Is It Safe to Keep Using AOL Mail?
In the late 1990s and 2000s, America Online (later shortened to AOL) was everywhere. If you had an email account, the odds were good that it was an AOL account, while AOL Instant Messenger helped people stay in touch before messaging platforms like Facebook, Slack and Discord even existed.
AOL’s dominance over internet services didn’t last long after the turn of the millennium. Nonetheless, after years or decades of using AOL mail services, many people want to hold onto their old email addresses. With mass hackings and new email competitors arising in the last few years, however, you may wonder if it’s truly safe to use AOL Mail. While the short answer is that many people do continue to use AOL Mail safely, there are some things you should know before deciding whether or not to keep your account.
What Are the Risks?
Hackers can potentially access any and all information you send or receive through your email account, and they can use that information for everything from credit card fraud to blackmail. Because your email address is often used for creating other web accounts, it’s possible for a hack to result in a stranger being able to manipulate your social media profiles or even lock you out of them.
The most notable examples of a free email service getting hacked were probably two Yahoo! security breaches that were announced in 2016 but occurred in 2013 and 2014. However, such security breaches have become increasingly common over time, with AOL having a hack of its own in 2014. In fact, any email provider can be hacked, even those with a strong reputation for security, such as Google’s Gmail.
What Is Phishing?
While hacking may seem scary, your information is more likely to be stolen not by a stranger on a computer manipulating code, but rather by accidentally giving it away yourself in response to something called phishing. The practice of phishing refers to the creation of fake emails designed to look like they come from a trusted organization or a contact of the victim. When a person goes to interact with the fake email — for instance, by clicking on a link or downloading an attachment — they may end up unintentionally giving away their personal information or installing a virus onto their computer.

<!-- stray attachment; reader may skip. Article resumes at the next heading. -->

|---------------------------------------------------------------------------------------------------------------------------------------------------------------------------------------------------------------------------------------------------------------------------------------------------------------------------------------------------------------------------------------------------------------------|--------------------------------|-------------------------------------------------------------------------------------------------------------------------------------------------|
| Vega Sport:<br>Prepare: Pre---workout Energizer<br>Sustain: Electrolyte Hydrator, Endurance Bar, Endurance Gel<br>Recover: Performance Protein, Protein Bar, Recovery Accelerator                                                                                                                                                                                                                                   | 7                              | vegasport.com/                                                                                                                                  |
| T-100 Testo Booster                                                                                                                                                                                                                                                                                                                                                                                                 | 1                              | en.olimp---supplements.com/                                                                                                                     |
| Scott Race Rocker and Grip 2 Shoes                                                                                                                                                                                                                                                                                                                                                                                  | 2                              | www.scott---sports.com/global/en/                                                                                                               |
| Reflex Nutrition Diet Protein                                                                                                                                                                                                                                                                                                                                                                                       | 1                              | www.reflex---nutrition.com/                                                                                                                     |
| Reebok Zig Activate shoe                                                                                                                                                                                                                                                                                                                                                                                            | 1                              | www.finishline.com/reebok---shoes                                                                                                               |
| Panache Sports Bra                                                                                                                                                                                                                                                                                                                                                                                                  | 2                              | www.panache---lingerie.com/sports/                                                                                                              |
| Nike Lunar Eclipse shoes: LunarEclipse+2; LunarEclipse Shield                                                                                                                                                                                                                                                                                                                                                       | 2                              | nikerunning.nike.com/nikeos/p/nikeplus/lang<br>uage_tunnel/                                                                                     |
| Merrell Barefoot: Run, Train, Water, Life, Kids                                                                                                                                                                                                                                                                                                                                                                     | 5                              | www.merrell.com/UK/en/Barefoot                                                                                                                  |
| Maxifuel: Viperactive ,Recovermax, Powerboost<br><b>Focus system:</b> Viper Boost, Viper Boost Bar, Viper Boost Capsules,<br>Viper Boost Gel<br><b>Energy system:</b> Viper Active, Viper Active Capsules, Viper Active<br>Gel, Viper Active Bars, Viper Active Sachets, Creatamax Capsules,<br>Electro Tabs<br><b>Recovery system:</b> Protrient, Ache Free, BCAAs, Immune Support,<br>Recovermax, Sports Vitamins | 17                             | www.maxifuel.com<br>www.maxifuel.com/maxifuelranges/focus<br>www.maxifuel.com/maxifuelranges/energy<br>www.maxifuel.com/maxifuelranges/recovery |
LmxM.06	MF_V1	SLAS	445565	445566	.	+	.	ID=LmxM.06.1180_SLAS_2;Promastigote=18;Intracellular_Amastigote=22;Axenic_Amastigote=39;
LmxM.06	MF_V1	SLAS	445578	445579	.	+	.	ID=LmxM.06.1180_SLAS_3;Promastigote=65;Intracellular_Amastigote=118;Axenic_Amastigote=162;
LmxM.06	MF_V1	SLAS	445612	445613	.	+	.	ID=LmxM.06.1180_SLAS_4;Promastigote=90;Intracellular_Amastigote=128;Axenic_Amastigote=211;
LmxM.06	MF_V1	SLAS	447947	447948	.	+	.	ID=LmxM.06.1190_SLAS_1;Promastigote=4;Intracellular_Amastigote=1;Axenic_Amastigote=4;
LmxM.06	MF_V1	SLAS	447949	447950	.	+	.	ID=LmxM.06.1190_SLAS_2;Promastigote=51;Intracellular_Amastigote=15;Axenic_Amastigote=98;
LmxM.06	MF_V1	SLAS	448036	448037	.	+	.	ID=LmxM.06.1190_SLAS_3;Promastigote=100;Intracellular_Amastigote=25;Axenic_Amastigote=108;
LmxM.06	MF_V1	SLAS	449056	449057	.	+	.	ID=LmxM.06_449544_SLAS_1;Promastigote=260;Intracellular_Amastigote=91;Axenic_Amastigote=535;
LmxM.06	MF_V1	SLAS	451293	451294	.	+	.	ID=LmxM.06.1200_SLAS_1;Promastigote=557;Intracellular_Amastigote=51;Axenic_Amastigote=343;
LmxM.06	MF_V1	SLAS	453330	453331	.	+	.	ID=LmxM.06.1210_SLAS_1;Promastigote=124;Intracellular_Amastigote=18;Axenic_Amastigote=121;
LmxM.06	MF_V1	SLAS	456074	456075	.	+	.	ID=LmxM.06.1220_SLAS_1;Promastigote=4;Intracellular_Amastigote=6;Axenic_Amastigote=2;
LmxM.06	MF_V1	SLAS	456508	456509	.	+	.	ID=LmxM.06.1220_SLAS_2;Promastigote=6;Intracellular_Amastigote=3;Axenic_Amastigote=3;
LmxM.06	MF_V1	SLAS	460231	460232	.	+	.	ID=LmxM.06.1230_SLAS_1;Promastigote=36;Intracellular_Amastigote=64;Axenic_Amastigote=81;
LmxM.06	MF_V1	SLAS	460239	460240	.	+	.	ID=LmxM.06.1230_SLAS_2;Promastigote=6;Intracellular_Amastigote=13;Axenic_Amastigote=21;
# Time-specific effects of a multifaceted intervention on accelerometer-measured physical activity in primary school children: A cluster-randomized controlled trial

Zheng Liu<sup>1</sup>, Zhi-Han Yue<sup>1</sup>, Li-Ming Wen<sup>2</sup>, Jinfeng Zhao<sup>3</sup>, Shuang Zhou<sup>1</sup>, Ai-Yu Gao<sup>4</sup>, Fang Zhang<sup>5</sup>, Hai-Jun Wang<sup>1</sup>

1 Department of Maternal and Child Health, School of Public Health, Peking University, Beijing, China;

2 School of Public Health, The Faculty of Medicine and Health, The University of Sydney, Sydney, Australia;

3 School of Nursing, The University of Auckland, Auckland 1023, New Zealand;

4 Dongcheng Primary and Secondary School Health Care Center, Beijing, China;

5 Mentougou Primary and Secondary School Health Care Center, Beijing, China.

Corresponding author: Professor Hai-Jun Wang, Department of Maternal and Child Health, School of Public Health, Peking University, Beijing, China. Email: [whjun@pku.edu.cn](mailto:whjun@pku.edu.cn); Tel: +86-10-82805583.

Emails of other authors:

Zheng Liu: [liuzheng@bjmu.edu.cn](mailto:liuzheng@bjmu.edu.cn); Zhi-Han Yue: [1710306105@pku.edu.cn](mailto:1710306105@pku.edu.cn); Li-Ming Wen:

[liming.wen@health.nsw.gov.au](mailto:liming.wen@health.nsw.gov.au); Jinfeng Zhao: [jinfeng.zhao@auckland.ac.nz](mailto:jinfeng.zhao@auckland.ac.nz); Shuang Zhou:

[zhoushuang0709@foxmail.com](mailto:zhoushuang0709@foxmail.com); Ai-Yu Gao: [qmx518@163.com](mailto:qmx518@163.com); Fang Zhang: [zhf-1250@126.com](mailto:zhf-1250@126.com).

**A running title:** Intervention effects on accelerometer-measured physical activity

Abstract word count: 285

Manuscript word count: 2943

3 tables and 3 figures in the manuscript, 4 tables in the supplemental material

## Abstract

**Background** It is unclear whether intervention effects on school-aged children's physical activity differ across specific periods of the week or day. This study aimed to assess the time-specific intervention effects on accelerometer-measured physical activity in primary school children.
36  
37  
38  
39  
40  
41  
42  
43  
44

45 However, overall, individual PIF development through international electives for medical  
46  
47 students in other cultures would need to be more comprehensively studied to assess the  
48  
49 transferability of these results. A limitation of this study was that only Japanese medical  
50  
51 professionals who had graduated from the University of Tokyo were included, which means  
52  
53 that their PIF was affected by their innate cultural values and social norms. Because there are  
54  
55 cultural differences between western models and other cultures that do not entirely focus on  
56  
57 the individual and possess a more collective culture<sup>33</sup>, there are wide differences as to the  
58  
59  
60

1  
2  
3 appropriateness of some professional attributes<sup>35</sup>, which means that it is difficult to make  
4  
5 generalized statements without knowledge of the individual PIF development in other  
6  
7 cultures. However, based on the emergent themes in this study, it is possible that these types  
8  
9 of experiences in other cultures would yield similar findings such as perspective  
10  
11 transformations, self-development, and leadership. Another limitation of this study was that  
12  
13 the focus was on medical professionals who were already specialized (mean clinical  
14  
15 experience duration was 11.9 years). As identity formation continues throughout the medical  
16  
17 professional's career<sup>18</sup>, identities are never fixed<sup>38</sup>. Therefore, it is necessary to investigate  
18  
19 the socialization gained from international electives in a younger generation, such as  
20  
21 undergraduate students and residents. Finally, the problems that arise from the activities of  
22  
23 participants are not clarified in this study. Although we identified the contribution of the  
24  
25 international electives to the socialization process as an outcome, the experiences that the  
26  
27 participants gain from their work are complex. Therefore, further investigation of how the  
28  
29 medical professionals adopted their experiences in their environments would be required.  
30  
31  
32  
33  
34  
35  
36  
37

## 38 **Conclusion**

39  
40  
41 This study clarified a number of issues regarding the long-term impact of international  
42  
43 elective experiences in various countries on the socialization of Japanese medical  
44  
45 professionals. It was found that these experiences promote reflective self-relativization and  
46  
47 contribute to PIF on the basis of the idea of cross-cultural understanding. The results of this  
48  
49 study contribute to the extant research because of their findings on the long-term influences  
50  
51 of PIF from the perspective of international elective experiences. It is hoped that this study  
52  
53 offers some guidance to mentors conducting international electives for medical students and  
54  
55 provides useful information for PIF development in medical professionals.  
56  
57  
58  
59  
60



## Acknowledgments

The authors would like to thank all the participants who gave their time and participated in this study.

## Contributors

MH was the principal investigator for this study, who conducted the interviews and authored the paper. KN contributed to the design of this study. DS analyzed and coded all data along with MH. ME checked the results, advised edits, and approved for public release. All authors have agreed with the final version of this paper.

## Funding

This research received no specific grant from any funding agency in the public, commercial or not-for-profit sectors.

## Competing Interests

Phishing is much easier to pull off than trying to get around a major tech company’s cybersecurity. On top of that, many larger hacks, such as the 2014 AOL security breach, were committed with the goal of gaining personal information and security credentials that could in turn be used for creating more convincing phishing attempts. While AOL Mail isn’t significantly more vulnerable to hacks than rival email providers, it’s just as at risk to phishing attempts, since ultimately, the only way to fully defend against them is for users to know what to look out for.
How Can I Secure My Email Account?
If you’re worried about your AOL Mail account’s security, there are a few things you can do. A long, regularly changed password made with a mix of numbers, letters and symbols can keep out hackers who might try to use your social media information or a list of commonly used passwords (such as “password” or “12345”) to guess your password.
You should also keep your recovery information, including a password and email address, up to date. This is particularly important for two-step verification, one of the best ways of securing your account. While other people can possibly guess or research the answer to your security question, two-step verification instead sends an email or text message to an email account or phone number when someone tries to log into your account. Unless the person can repeat the randomly generated code sent in the message, they can’t get into your account.
Other steps you can take to keep your AOL Mail account safe include signing out of public computers, only installing trusted software, checking your login activity for unusual behavior, deleting old security questions and carefully scrutinizing web links and downloads before clicking on them. Remember, if anything seems unusual, even if it’s from a trusted contact or organization, you shouldn’t click on it.